The Nation-State in Question
Edited by T. V. Paul, G. John Ikenberry, & John Hall
Has globalization forever undermined the state as the mighty guarantor of public welfare and security? In the 1990s, the prevailing and even hopeful view was that it had. The euphoria did not last long. Today the "return of the state" is increasingly being discussed as a desirable reality. This book is the first to bring together a group of prominent scholars from comparative politics, international relations, and sociology to systematically reassess--through a historical lens that moves beyond the standard focus on the West--state-society relations and state power at the dawn of the twenty-first century.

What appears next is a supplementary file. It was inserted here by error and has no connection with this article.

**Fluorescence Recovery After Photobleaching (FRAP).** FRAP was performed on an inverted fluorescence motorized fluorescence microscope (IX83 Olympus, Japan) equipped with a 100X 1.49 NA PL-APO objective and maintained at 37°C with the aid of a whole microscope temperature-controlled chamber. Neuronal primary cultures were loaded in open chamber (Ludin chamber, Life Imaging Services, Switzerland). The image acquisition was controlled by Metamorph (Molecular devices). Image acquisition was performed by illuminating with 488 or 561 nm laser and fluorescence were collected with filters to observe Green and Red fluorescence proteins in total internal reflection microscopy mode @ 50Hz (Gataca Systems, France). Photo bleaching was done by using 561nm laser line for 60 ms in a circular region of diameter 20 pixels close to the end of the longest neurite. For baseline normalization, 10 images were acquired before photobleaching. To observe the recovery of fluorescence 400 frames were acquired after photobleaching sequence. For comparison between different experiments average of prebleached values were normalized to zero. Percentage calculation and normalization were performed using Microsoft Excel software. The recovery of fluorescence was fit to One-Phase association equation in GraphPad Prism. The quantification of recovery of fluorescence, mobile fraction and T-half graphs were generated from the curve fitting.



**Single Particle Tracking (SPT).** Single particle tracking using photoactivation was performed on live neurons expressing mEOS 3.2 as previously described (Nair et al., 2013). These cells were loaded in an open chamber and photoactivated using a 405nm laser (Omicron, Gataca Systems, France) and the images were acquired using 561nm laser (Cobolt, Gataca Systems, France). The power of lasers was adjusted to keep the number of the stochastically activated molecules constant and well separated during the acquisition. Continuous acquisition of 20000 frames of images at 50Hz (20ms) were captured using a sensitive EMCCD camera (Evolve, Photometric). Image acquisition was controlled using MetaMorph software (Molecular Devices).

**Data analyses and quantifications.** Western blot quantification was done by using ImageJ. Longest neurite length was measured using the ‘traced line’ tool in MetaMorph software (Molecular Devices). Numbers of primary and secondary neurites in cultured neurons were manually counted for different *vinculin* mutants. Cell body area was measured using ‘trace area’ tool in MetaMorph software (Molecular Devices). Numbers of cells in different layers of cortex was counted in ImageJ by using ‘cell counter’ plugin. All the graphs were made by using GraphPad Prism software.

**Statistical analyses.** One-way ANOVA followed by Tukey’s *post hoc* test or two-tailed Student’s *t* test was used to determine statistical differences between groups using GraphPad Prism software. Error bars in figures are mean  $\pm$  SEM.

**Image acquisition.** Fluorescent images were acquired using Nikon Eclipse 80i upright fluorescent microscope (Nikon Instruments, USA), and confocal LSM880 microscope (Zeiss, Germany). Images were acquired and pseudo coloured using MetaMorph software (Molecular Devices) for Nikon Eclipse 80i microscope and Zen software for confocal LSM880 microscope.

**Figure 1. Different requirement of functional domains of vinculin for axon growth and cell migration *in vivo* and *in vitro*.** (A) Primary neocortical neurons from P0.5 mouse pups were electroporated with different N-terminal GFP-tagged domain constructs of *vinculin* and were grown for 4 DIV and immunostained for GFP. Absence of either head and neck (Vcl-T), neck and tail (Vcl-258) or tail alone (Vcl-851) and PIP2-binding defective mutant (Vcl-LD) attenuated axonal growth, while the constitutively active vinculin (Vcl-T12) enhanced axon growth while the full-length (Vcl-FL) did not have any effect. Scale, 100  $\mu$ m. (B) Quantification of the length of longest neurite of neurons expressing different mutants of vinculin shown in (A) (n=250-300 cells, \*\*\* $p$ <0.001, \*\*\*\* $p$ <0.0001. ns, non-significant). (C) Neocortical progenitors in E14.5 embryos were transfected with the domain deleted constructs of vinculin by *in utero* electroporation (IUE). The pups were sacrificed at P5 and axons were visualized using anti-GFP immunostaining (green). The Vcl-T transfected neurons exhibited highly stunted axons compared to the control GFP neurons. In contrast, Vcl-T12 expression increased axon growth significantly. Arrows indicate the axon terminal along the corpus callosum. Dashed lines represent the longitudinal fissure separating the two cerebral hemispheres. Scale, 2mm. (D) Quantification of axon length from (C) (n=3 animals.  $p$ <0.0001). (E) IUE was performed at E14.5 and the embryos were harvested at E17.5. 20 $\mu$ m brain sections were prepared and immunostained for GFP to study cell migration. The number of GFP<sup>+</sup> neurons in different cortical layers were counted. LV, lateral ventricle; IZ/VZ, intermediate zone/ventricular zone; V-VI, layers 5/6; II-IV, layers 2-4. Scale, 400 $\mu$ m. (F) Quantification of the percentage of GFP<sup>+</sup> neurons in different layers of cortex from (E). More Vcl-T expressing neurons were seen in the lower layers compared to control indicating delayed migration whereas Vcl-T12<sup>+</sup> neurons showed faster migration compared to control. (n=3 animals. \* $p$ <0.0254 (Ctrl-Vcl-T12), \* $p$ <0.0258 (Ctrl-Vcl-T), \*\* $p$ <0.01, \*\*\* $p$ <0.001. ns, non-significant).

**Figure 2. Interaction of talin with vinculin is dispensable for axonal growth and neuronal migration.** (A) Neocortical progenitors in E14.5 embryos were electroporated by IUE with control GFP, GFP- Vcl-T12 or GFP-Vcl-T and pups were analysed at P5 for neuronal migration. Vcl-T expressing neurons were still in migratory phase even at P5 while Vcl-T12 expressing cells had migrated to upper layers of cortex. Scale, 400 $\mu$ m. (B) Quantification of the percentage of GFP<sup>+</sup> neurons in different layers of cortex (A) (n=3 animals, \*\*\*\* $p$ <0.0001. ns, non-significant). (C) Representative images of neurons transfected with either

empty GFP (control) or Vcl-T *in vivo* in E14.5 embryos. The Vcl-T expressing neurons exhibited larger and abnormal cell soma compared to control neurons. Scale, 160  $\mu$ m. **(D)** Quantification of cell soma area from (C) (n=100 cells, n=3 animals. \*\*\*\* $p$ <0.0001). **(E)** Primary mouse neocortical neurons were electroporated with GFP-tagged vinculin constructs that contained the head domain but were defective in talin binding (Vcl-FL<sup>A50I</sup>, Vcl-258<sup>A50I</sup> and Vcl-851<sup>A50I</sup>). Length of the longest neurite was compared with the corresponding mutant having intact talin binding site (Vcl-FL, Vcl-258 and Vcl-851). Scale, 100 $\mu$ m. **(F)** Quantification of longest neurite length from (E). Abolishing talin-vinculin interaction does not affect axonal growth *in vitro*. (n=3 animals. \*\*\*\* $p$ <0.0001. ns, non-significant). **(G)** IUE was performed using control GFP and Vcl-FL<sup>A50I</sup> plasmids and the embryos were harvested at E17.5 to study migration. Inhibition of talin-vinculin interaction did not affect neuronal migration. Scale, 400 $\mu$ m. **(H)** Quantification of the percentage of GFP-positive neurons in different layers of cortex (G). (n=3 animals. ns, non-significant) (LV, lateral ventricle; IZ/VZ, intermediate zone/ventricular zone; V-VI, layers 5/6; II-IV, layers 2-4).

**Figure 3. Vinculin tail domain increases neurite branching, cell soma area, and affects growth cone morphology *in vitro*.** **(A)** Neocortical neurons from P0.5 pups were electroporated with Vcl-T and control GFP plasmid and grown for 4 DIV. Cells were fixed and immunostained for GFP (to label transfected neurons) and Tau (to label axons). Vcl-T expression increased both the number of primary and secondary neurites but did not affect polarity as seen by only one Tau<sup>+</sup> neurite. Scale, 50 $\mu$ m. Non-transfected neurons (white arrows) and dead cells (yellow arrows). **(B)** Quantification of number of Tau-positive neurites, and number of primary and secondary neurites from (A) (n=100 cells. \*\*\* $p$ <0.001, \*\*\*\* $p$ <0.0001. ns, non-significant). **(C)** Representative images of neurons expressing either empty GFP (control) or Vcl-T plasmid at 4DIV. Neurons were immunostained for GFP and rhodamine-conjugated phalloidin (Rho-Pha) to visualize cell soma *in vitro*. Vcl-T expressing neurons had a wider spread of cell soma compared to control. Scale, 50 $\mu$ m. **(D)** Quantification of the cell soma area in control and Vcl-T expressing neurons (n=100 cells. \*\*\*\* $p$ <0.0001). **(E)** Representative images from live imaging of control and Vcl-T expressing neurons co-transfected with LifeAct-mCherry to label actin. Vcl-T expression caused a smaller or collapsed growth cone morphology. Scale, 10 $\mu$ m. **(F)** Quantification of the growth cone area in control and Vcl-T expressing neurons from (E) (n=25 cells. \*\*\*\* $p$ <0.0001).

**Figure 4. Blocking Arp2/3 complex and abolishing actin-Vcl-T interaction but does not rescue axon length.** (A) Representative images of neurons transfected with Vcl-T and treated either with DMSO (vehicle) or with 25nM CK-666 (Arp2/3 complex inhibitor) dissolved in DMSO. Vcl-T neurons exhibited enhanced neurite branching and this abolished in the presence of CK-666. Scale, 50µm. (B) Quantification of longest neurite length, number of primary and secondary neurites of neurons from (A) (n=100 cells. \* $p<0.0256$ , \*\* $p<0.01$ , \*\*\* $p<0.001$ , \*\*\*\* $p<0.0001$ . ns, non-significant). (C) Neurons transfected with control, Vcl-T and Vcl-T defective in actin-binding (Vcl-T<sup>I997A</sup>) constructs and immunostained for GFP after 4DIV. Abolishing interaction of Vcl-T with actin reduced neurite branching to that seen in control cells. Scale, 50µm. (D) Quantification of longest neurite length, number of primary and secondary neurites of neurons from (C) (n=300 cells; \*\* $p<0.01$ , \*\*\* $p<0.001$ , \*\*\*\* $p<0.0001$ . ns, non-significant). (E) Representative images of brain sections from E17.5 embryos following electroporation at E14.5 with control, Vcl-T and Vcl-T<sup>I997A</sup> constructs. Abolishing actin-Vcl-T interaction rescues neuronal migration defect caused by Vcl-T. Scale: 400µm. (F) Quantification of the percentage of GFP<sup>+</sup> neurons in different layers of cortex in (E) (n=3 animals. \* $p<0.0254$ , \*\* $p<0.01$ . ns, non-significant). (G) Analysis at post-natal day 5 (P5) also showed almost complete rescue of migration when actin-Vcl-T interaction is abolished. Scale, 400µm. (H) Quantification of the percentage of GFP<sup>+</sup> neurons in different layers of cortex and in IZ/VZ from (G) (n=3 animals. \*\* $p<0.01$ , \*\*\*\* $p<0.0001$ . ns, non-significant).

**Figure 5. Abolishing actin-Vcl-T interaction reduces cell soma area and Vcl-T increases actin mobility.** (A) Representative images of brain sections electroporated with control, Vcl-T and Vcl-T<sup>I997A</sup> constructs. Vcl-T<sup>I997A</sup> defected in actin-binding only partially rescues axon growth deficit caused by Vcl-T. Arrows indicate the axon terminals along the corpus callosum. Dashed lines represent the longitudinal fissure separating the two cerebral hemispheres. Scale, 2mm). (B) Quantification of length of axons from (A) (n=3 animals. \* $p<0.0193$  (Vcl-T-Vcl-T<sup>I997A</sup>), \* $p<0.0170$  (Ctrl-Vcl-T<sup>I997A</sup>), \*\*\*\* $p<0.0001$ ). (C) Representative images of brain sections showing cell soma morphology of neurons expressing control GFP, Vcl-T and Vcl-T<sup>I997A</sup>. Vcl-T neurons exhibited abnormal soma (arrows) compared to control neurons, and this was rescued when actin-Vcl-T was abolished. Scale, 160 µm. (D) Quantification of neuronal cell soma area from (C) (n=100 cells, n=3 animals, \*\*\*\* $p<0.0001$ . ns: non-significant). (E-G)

The contributors examine the sources and forms of state power in light of a range of welfare and security needs in order to tell us what states can do today. They assess the extent to which international social forces affect states, and the capacity of states to adapt in specific issue areas. Their striking conclusion is that states have continued to be pivotal in diverse areas such as nationalism, national security, multiculturalism, taxation, and industrial relations. Offering rich insights on the changing contours of state power, The Nation-State in Question will be of interest to social scientists, students, and policymakers alike. John Hall's introduction is followed by chapters by Peter Baldwin, John Campbell, Francesco Duina, Grzegorz Ekiert, Jeffrey Herbst, Christopher Hood, Anatoly Khazanov, Brendan O'Leary, T. V. Paul, Bernard Yack, Rudra Sil, and Minxin Pei. The conclusion is by John Ikenberry.T. V. Paul, Professor of Political Science at McGill University, has published six books including India in the World Order. G. John Ikenberry, Peter F. Krogh Professor of Geopolitics and Global Justice at Georgetown University, is the author of After Victory (Princeton), which received the Robert L. Jervis and Paul W. Schroeder Prize for 2002 from the American Political Science Association as the best book in the area of international history and politics. John Hall is James McGill Professor of Sociology at McGill University. His books include Is America Breaking Apart? (Princeton).